When we know better, we do better

I absolutely love dog-friendly training and the community of colleagues and dedicated pet parents I have come to know who share my enthusiasm and commitment to enhancing the human-animal bond through this dynamic form of interspecific communication.

We tend to be a passionate group.  Our delight in these exceptionally fun, highly effective training techniques binds our community together.

The flip side of this particular coin is that occasionally, good trainers go bad.  It is a rare and wise trainer who attains integrity through applying the same behavior modification techniques we espouse for dogs to our fellow humans.

I’ll be honest, this is often easier said than done.  Sometimes people say and do stupid things.  Yes, even dog people are “only human,” and as such, we are prone to making mistakes and, if we are lucky, learning from them.  But there is an element of truth to every cliché; and the truth is, you win more flies with honey.  Dog-friendly trainers, of all people, should be aware of this.

Should we, as positive dog trainers, perhaps consider a reality check regarding our “people training” skills?

Hypocrisy

Most modern trainers agree that “all animals learn in the same manner.”  This means that the principals of learning, as espoused by operant and classical conditioning, transcend the boundaries of species and apply to all creatures able to eat, move, and process information.

Many of us hesitate even to use “No Reward Markers” (NRMs) in training our dogs, and yet do not hesitate to judge, harass, insult, apply social pressure to, and otherwise bully or intimidate or fellow human dog owners who display what we perceive to be “unwanted” or “inappropriate” behaviors in dog training.

Social forums representing a broad spectrum of training perspectives are fraught with the worst examples of human behavior – name calling, mud slinging, the world wide web equivalent of shocks, collar pops, alpha rolls, ear pinches against our fellow pet parents.  We treat people that choose to train differently from ourselves as if they are moral degenerates, dog abusers, and “savages” in need of converting.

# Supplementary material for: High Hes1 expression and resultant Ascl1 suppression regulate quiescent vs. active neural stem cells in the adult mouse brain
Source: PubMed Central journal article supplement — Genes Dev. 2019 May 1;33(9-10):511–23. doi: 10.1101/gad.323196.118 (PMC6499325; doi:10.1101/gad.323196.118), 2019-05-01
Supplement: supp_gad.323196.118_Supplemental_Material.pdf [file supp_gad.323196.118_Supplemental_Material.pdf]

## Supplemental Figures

I don’t know that I think this behavior wins us many converts.  Too many people shout so loud the message is lost.  I’ve been guilty myself.  Unlike Monte, I am no Saint.  However, emotional impulse control is as worthwhile a skill for humans to build as it is for our beloved canines.

If we all truly believe in the concept of “first, do no harm,” to what extent to these rules apply?  Only when we are talking about non-human animals?  If so, we should ask ourselves, why?  Is it more important to be “right,” or to be helpful?

Behavioral apathy and euthanasia

Millions of dogs are destroyed in this country every year.  Many, many of these dogs are abandoned to shelters or dropped off to face the euthanasia needle alone by pet parents who are too frustrated by their dog’s overwhelming unwanted behaviors and lack the skills or understanding needed to do anything about it.

Next time you are tempted to judge someone for using a training method you may not personally agree with, stop and reflect for a moment.  That person is TRYING.  She is not giving up on her dog.  He is not putting an ad up on craigslist to rehome the dog, tying him to a fence outside the local shelter, dumping her on a farm, or insisting that the vet euthanize the dog for pulling on the leash or chasing a neighbor’s cat.

These pet parents are doing the best they can with the information they have available to them.  Maybe it’s not the same information you have, and maybe it’s not the best that you can do.  But give them credit for not abandoning their dog at the first puddle on the new carpet, or the first growl at another dog.